Linux News Today: GitHub's Atom 1.5 Hackable Text Editor Out Now, Atom 1.6 Enters Beta Testing
On February 9, 2016, GitHub’s devs made some big announcements for its awesome and acclaimed Atom open-source hackable text editor, which reached stable version 1.5 for all supported operating systems.
As Atom is massively adopted by more and more programmers, it looks like GitHub’s developers have speed up the development cycle of the project, and today they’ve announced the release of Atom 1.5 stable branch and the availability of the first Beta build of the upcoming Atom 1.6 series.
According to the release notes, it would appear that Atom 1.5 is a modest release, introducing improvements to the CJK software, the ability for users to disable the automatic updating functionality, cascading windows below existing ones on Mac OS X, as well as various performance improvements in the marker index.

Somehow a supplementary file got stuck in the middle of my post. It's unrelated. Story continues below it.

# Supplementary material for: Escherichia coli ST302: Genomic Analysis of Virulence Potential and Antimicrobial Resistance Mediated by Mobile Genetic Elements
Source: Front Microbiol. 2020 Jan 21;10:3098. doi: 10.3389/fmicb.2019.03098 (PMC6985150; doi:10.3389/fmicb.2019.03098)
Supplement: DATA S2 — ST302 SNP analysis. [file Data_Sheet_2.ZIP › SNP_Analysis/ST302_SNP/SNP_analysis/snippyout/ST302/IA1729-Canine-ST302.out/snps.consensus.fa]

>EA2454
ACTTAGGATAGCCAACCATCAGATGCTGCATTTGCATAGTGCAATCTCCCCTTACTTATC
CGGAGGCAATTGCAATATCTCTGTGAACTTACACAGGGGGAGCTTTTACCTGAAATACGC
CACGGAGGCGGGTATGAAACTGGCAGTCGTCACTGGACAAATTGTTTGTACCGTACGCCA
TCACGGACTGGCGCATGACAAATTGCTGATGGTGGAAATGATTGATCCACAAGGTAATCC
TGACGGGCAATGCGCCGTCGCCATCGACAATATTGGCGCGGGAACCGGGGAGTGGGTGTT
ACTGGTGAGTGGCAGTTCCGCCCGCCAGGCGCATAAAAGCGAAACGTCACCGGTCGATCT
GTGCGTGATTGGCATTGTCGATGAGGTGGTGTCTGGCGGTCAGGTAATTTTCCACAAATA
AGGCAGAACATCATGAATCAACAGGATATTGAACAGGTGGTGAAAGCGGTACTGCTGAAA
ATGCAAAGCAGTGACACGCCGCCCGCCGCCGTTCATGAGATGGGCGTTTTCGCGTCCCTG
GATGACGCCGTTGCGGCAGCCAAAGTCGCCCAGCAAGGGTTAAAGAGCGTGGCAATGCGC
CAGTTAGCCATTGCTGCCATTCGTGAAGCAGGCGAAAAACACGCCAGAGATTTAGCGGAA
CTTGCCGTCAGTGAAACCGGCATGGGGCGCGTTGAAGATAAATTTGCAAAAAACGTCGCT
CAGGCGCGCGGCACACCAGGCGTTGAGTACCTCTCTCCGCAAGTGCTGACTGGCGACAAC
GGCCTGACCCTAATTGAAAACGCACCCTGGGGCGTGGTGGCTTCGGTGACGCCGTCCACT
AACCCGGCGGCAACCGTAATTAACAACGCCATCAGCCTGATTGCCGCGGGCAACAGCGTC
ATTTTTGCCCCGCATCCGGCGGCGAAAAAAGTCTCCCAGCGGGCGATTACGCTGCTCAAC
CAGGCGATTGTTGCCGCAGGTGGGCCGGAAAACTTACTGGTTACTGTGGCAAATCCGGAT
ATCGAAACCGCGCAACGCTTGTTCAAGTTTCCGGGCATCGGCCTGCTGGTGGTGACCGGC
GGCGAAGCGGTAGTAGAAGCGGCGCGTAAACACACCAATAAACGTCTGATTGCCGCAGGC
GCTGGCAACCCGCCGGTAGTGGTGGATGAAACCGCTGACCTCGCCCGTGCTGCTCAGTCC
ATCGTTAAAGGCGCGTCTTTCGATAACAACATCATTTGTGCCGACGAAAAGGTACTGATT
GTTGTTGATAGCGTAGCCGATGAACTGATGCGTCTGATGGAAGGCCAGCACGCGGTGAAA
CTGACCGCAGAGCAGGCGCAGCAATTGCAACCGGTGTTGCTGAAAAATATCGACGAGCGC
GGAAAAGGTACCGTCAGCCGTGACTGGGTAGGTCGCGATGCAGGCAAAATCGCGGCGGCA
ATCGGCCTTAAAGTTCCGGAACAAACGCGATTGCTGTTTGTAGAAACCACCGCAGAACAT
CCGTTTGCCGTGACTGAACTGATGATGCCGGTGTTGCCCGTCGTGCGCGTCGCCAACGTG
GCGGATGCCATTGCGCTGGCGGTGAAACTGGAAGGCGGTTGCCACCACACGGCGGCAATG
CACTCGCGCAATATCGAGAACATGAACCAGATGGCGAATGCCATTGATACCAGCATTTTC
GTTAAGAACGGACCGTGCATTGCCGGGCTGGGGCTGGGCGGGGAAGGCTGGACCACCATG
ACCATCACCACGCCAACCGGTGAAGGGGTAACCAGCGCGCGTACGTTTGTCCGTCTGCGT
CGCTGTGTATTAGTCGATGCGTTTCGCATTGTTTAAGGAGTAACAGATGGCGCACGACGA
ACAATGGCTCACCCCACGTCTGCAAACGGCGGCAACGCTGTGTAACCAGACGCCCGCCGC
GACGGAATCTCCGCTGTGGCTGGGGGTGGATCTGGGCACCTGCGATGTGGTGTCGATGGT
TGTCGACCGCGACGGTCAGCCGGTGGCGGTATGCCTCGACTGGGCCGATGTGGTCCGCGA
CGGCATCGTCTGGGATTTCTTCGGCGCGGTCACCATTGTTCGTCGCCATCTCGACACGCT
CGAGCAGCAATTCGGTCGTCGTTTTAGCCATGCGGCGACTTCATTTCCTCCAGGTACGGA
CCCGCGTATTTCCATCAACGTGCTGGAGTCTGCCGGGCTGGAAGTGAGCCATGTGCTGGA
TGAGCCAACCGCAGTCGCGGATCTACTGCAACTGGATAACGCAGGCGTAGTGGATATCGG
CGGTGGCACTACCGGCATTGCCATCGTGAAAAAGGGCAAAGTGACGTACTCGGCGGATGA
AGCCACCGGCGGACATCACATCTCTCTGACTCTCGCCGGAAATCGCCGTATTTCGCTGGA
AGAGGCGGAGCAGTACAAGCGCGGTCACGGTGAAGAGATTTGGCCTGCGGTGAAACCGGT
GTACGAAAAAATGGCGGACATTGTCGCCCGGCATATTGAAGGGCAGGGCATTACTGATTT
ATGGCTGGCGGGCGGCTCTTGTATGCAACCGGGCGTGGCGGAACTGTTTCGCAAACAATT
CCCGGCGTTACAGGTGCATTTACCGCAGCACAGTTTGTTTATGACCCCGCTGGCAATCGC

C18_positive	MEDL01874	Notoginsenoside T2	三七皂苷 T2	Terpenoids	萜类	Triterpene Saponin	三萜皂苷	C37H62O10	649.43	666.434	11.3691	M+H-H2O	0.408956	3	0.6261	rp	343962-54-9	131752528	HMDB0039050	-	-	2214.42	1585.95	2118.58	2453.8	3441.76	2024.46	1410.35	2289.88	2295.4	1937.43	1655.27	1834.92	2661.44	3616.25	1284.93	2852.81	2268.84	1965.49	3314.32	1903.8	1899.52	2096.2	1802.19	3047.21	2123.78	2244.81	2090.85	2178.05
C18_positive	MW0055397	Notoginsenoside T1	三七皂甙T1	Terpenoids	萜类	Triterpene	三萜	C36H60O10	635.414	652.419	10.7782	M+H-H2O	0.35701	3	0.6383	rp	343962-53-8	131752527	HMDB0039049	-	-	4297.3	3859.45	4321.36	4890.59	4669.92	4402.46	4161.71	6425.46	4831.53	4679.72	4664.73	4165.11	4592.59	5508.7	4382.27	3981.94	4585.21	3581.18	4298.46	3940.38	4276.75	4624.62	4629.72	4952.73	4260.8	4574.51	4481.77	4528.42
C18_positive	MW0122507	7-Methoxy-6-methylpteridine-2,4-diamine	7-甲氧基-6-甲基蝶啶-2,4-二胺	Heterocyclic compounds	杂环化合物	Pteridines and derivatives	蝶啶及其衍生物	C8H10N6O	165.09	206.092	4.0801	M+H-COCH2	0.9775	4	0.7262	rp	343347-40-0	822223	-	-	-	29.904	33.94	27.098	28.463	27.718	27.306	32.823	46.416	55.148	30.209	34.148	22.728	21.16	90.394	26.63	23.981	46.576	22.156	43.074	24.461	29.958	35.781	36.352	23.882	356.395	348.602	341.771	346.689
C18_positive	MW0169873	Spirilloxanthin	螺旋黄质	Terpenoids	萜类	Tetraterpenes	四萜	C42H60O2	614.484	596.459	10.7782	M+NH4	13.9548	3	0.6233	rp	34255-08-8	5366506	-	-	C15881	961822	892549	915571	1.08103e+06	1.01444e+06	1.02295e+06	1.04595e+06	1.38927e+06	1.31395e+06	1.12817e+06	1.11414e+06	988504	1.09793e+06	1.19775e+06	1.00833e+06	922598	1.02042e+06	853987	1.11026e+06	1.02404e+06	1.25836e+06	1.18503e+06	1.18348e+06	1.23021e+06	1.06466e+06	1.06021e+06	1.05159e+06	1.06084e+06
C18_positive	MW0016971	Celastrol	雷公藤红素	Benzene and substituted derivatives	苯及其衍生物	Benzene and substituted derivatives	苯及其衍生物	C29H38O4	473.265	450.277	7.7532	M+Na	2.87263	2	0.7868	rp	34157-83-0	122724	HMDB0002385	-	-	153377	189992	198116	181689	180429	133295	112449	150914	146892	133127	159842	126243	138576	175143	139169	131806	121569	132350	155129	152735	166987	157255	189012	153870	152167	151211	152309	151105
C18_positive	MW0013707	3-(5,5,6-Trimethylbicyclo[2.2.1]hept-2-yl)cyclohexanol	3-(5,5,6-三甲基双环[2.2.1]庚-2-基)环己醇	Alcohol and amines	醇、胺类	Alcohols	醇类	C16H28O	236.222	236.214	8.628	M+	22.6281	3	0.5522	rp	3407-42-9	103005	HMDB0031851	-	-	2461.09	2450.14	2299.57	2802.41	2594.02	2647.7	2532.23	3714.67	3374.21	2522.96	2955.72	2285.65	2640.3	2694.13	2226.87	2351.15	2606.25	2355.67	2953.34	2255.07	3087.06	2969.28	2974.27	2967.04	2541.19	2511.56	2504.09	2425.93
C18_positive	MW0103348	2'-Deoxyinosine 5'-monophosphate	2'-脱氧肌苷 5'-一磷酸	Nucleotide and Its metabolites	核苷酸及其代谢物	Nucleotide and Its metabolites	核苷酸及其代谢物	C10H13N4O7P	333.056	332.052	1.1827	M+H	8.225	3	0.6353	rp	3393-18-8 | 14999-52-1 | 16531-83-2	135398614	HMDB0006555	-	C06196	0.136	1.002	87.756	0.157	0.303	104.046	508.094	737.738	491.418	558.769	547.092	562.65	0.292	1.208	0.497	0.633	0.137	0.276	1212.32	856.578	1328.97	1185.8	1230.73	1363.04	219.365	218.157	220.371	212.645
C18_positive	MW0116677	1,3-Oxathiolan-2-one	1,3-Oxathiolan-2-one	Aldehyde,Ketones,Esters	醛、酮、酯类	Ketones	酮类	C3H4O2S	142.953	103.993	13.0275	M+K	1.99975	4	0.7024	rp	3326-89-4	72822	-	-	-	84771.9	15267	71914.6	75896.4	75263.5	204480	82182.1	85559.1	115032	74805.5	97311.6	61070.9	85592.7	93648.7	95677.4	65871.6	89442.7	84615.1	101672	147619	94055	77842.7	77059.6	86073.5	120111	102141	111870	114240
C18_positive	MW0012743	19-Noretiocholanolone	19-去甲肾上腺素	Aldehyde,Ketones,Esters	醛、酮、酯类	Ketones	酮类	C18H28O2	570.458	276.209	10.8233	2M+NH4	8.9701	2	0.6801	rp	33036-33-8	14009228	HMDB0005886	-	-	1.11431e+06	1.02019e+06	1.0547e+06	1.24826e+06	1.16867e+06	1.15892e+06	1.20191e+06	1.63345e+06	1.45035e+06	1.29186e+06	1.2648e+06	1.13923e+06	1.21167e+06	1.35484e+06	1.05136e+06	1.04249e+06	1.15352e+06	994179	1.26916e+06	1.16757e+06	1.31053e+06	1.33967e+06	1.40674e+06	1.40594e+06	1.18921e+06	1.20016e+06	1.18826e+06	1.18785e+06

Furthermore, Atom 1.5 sees the removal of the “release-notes” package, which apparently confused many users when updating the software, and fixes some performance issues reported by users when the Git repository is located in the same directory with Atom (e.g. the Home dir).
What’s new in Atom 1.6 Beta
From the looks of it, Atom 1.6 is where the good stuff is, as GitHub implemented block decorations, multi-pane API improvements, a new API (Application Programming Interface) for top and bottom bars, a new pending tabs API, as well as more improvements to the pending tabs.
Moreover, the –wait argument now works on Microsoft Windows systems, there’s better support for projects that use submodules, language-js received some improvements, NodeGit is now built in the / Async Git Repository class, and it is possible to move files using drag-and-drop from the desktop into the tree-view.
Download Atom 1.5 and 1.6 Beta right now via Softpedia.